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How Cross-Sector Conversations Can Help Drive Hospital Patient Safety Improvements

More than two decades ago, the Institute of Medicine published a report estimating that as many as 98,000 people die annually from medical errors. The report prompted a sense of urgency for hospitals to reduce patient harm. While that data is nearly four decades old, subsequent reports indicate there has been little improvement. 

A recent study looking at admissions across 11 Boston-area hospitals underscored the scope of today’s patient safety problem. The study, known as the SafeCare Study, found that nearly one in every four hospital admissions resulted in an adverse patient safety event. Nearly one-quarter of those events were deemed preventable, and nearly one-third were considered serious or of high severity.  

In an effort to fuel a new conversation around hospital patient safety, healthcare consulting firm Sage Growth Partners recently released a new report: “Leading Through Change — Because Patients Deserve More.” This report features the perspectives of five safety leaders from across the industry, including our own Chief Operating Officer and Chief Clinical Officer, Hayley Burgess, PharmD, MBA, BCPP, CPPS. The individuals featured in the report come from various industry sectors, including hospitals and health systems, healthcare technology companies, and safety nonprofits. 

In addition to Dr. Burgess, the report explores the perspectives of:  

  • David Westfall Bates, MD, Medical Director of Clinical and Quality Analysis, Mass General Brigham and Chief of General Internal Medicine, Brigham and Women’s Hospital (and author of the SafeCare Study)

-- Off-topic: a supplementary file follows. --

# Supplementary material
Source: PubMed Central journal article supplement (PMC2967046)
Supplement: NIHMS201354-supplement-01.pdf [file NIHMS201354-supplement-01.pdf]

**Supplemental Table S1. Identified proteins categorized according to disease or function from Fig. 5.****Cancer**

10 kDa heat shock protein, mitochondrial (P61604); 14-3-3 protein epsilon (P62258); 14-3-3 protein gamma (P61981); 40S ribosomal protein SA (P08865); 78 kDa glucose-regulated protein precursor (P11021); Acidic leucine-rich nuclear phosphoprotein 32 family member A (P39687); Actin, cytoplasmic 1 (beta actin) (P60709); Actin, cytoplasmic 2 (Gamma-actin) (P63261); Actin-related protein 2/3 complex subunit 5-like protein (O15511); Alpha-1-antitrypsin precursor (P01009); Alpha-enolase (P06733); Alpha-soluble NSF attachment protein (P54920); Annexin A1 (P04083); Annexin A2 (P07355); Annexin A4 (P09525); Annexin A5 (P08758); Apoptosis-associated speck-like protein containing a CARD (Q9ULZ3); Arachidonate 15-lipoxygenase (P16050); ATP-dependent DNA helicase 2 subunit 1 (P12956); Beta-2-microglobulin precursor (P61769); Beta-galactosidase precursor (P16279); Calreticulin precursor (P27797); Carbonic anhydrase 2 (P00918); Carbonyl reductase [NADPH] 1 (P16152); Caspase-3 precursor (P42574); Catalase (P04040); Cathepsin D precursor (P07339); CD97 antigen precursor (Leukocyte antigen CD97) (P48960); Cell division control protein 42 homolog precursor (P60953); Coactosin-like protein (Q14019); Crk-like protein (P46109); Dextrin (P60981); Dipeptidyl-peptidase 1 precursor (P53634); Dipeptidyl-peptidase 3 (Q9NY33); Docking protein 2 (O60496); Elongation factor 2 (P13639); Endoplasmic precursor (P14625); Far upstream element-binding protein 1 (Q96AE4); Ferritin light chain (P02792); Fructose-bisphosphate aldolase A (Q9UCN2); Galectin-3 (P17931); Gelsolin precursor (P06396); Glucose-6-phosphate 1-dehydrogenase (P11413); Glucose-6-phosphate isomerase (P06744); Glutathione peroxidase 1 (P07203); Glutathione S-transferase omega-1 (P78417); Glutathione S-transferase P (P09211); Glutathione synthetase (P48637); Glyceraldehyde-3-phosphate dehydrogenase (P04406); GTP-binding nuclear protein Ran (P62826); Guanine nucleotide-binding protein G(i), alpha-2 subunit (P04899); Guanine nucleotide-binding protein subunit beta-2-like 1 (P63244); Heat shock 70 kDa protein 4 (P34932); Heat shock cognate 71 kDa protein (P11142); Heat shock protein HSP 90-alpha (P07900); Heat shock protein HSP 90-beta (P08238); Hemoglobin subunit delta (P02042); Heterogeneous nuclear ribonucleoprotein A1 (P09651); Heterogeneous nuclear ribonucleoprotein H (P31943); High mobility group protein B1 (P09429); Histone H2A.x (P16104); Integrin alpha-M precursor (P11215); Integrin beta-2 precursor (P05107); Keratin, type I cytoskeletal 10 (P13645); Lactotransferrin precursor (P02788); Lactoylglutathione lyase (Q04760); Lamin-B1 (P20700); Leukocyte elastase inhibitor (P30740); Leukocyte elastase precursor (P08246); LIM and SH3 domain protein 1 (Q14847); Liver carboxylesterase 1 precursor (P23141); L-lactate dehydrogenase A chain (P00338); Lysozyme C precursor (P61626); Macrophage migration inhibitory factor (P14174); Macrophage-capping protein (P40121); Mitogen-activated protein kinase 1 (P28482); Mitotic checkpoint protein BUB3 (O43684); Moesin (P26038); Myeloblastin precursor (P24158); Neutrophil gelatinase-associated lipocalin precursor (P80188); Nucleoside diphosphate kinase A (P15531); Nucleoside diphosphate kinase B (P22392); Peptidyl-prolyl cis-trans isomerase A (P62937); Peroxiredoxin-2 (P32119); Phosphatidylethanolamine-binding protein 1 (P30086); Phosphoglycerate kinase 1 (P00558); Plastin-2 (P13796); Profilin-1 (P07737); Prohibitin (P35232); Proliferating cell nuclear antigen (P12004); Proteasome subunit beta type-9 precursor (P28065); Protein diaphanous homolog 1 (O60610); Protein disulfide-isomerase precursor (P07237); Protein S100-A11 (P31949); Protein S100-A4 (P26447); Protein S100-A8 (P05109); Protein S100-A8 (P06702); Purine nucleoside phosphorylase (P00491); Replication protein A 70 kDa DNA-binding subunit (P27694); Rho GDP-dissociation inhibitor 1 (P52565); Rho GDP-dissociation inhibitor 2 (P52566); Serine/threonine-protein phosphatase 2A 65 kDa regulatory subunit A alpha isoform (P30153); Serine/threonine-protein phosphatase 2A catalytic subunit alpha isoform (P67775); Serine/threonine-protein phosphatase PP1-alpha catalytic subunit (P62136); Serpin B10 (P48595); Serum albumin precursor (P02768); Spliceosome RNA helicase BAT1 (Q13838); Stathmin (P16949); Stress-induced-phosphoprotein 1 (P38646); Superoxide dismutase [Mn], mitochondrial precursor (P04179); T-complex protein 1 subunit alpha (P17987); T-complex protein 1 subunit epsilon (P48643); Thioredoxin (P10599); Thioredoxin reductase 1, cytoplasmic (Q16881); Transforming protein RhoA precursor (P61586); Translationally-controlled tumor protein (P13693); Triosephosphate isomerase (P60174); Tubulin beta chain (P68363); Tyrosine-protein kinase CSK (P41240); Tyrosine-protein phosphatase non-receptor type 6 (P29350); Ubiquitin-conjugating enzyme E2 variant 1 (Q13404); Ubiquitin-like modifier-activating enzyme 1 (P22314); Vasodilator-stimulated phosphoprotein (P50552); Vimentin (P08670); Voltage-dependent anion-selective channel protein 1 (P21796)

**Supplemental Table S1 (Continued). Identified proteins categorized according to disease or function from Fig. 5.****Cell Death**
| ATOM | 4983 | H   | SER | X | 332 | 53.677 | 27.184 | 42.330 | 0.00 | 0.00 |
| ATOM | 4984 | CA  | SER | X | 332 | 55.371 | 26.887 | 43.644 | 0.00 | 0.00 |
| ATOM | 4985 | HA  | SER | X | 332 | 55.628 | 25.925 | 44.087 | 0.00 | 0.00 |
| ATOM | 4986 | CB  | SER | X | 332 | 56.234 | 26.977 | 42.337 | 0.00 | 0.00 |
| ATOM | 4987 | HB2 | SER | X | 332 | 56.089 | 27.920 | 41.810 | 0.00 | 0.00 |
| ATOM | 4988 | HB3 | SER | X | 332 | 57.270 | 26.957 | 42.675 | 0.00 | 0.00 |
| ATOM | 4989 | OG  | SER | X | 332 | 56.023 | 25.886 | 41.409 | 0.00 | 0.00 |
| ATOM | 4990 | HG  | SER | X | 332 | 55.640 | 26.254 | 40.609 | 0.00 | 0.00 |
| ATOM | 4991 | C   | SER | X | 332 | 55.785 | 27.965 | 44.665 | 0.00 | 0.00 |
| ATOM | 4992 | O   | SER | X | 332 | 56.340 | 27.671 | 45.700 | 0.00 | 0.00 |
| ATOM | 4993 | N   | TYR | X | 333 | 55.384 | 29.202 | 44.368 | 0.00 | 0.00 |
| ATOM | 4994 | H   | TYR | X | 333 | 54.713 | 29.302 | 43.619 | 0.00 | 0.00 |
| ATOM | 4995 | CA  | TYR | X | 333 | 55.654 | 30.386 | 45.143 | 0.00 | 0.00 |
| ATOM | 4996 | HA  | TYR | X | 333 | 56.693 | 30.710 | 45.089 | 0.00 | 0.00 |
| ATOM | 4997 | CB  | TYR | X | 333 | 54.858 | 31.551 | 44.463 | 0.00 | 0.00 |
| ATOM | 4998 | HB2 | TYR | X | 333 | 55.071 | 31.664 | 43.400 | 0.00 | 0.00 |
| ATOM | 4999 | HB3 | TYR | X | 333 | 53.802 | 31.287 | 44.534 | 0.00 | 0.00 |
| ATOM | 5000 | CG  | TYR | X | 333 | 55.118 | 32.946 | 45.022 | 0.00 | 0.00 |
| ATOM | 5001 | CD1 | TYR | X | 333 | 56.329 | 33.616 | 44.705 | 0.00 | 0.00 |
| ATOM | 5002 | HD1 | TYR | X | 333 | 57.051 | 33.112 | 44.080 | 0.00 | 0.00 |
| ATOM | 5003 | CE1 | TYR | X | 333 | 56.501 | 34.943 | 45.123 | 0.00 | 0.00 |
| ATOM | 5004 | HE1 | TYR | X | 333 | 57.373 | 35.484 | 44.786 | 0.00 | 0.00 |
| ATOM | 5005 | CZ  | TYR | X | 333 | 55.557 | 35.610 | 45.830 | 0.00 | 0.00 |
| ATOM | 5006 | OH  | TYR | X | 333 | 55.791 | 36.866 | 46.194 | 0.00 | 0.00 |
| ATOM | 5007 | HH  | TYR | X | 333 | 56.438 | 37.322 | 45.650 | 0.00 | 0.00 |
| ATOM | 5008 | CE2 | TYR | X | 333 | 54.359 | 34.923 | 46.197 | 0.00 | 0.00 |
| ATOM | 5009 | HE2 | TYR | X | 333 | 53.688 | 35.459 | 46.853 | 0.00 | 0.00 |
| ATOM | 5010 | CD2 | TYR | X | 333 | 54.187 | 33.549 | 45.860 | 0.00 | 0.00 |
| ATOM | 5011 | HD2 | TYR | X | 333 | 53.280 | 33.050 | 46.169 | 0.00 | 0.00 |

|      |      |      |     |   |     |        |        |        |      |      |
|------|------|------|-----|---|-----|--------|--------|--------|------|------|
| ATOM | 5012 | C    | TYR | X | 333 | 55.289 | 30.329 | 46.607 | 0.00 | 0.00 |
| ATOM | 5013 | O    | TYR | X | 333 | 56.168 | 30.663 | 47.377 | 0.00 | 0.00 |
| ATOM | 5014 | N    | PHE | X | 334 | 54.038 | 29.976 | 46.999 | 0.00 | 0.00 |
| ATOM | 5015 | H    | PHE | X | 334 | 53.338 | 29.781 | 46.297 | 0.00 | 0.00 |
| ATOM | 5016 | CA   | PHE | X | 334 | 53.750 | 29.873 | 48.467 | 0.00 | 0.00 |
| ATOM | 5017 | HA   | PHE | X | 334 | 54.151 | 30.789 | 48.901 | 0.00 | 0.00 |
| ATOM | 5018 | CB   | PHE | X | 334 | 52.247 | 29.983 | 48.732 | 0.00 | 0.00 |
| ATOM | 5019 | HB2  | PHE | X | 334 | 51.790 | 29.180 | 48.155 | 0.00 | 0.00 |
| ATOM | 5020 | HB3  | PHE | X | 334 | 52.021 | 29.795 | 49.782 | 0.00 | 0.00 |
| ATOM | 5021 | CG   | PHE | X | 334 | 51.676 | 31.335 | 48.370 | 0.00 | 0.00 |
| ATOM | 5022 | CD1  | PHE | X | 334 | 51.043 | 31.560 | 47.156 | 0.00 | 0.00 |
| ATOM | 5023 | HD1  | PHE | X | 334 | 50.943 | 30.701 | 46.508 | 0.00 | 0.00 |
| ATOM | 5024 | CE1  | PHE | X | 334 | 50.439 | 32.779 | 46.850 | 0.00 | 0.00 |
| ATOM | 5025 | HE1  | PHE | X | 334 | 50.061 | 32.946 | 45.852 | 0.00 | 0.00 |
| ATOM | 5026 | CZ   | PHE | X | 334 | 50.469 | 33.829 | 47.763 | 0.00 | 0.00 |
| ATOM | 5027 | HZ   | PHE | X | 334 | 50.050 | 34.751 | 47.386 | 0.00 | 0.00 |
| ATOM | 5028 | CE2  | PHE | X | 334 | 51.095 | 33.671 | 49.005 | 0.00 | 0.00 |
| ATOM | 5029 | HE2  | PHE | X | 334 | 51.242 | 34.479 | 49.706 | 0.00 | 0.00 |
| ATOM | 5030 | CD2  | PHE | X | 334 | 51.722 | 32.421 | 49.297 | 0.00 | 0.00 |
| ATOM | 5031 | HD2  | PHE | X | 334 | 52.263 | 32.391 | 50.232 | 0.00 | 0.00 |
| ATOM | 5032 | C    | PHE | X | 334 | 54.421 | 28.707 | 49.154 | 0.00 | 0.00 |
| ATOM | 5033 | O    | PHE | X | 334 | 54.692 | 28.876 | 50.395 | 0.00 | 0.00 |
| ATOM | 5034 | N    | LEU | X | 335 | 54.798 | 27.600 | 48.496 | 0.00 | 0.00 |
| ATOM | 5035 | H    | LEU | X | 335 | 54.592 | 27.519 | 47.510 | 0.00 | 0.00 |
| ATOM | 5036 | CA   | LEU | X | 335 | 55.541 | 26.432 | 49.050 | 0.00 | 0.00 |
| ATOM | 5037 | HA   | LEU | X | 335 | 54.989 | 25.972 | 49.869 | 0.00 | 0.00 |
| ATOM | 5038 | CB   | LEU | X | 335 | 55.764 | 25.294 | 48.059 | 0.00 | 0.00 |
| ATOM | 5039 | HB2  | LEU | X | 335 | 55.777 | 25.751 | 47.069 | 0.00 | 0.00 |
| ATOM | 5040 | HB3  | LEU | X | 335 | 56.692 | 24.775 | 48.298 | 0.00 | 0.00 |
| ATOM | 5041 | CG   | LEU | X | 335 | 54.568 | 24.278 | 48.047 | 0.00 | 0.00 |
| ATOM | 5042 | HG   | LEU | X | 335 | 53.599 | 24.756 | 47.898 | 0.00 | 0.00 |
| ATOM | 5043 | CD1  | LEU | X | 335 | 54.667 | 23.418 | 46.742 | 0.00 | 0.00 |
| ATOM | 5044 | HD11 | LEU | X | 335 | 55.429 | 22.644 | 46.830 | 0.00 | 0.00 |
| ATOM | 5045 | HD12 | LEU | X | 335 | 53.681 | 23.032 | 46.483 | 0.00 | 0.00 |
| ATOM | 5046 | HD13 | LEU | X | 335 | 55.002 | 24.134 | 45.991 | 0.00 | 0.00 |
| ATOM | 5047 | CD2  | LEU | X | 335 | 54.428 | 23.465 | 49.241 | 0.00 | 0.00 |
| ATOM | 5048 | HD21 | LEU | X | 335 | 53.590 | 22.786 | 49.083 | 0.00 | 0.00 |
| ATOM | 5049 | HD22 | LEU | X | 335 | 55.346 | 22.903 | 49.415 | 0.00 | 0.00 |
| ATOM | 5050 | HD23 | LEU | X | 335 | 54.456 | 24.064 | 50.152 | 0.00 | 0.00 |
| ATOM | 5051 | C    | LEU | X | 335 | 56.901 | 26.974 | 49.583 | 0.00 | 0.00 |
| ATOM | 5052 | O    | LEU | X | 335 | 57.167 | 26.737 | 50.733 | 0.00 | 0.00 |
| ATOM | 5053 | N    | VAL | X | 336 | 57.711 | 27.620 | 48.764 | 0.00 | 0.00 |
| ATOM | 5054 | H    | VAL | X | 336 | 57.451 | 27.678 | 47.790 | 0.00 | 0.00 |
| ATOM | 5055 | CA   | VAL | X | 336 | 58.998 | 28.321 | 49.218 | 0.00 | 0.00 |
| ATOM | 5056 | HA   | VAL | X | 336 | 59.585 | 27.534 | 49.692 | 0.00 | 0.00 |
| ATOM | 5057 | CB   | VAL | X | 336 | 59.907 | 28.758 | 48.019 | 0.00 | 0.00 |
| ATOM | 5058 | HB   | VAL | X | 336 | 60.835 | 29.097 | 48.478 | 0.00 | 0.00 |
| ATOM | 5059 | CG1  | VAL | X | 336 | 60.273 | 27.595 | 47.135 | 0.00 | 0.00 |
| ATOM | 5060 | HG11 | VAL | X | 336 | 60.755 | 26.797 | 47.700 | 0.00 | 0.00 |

• Edward Decker, BS, BSN, MHA, RN, CPPS, Associate Vice President of Patient Safety Integration, HCA Healthcare
  • Rita Jew, PharmD, MBA, BCPPS, FASHP, President, Institute for Safe Medication Practices (ISMP)
  • Michael A.E. Ramsay, MD, FRCA, Chief Executive Officer, Patient Safety Movement Foundation 

These experts agreed that while there have been some advancements in patient safety over the past few years, preventable safety events are still happening too often. Many said that part of the problem is due to fear of sharing proprietary knowledge, fear of retribution, and/or poor safety event reporting capabilities. Two things are clear from their comments, and that is: 

  • All hospitals should be prioritizing safety data acquisition and transparency and leveraging technology to identify areas of improvement and facilitate interventions.
  • Hospital leaders need to be committed to a culture of safety.

“You can’t talk about a culture of patient safety with just lip service,” Dr. Jew noted in the report. You have to put the money where your mouth is, and when you talk about patient safety as being your utmost focus, the money and the time commitment needs to follow that as well.” 

Each of the experts agreed that hospital leaders should be regularly discussing patient safety, investing in resources to improve patient safety, establishing processes that allow employees to easily report events, sharing data across teams, and even recognizing and congratulating team members for identifying risks. 

I encourage leaders to be on the frontlines with their teams doing walkarounds, performing live gap assessments, and asking those hard questions such as, ‘What is the next accident or error that is likely to happen?’ and, ‘What keeps you up at night?’” said Dr. Burgess. “The more we ask these questions and follow through with actionable change, the more comfortable teams will be with answering honestly. When you start with that approach, and then combine that with existing technology and data—this combination will enhance care.”

Some of the methods shared for organizational and industry-wide support toward improving patient safety included enacting a National Patient Safety Board, similar to the National Transportation Safety Board, posting signs related to patient safety throughout health systems, training teams on safety strategies and patient education, developing employee commitments to safety, and creating “Safe Table” programs where staff and safety leaders can have open dialogue on safety risks in their hospitals.

From innovative new approaches within hospitals to patient safety-enhancing technologies to a growing push for advances by nonprofits—our hope is that this unique report will inspire industry-wide conversations around data sharing that lead to new approaches to improve patient safety. The more we share safety challenges and advocate for positive changes, the more we learn from each other, elevate best practices, and improve safety in all hospitals for all patients and staff.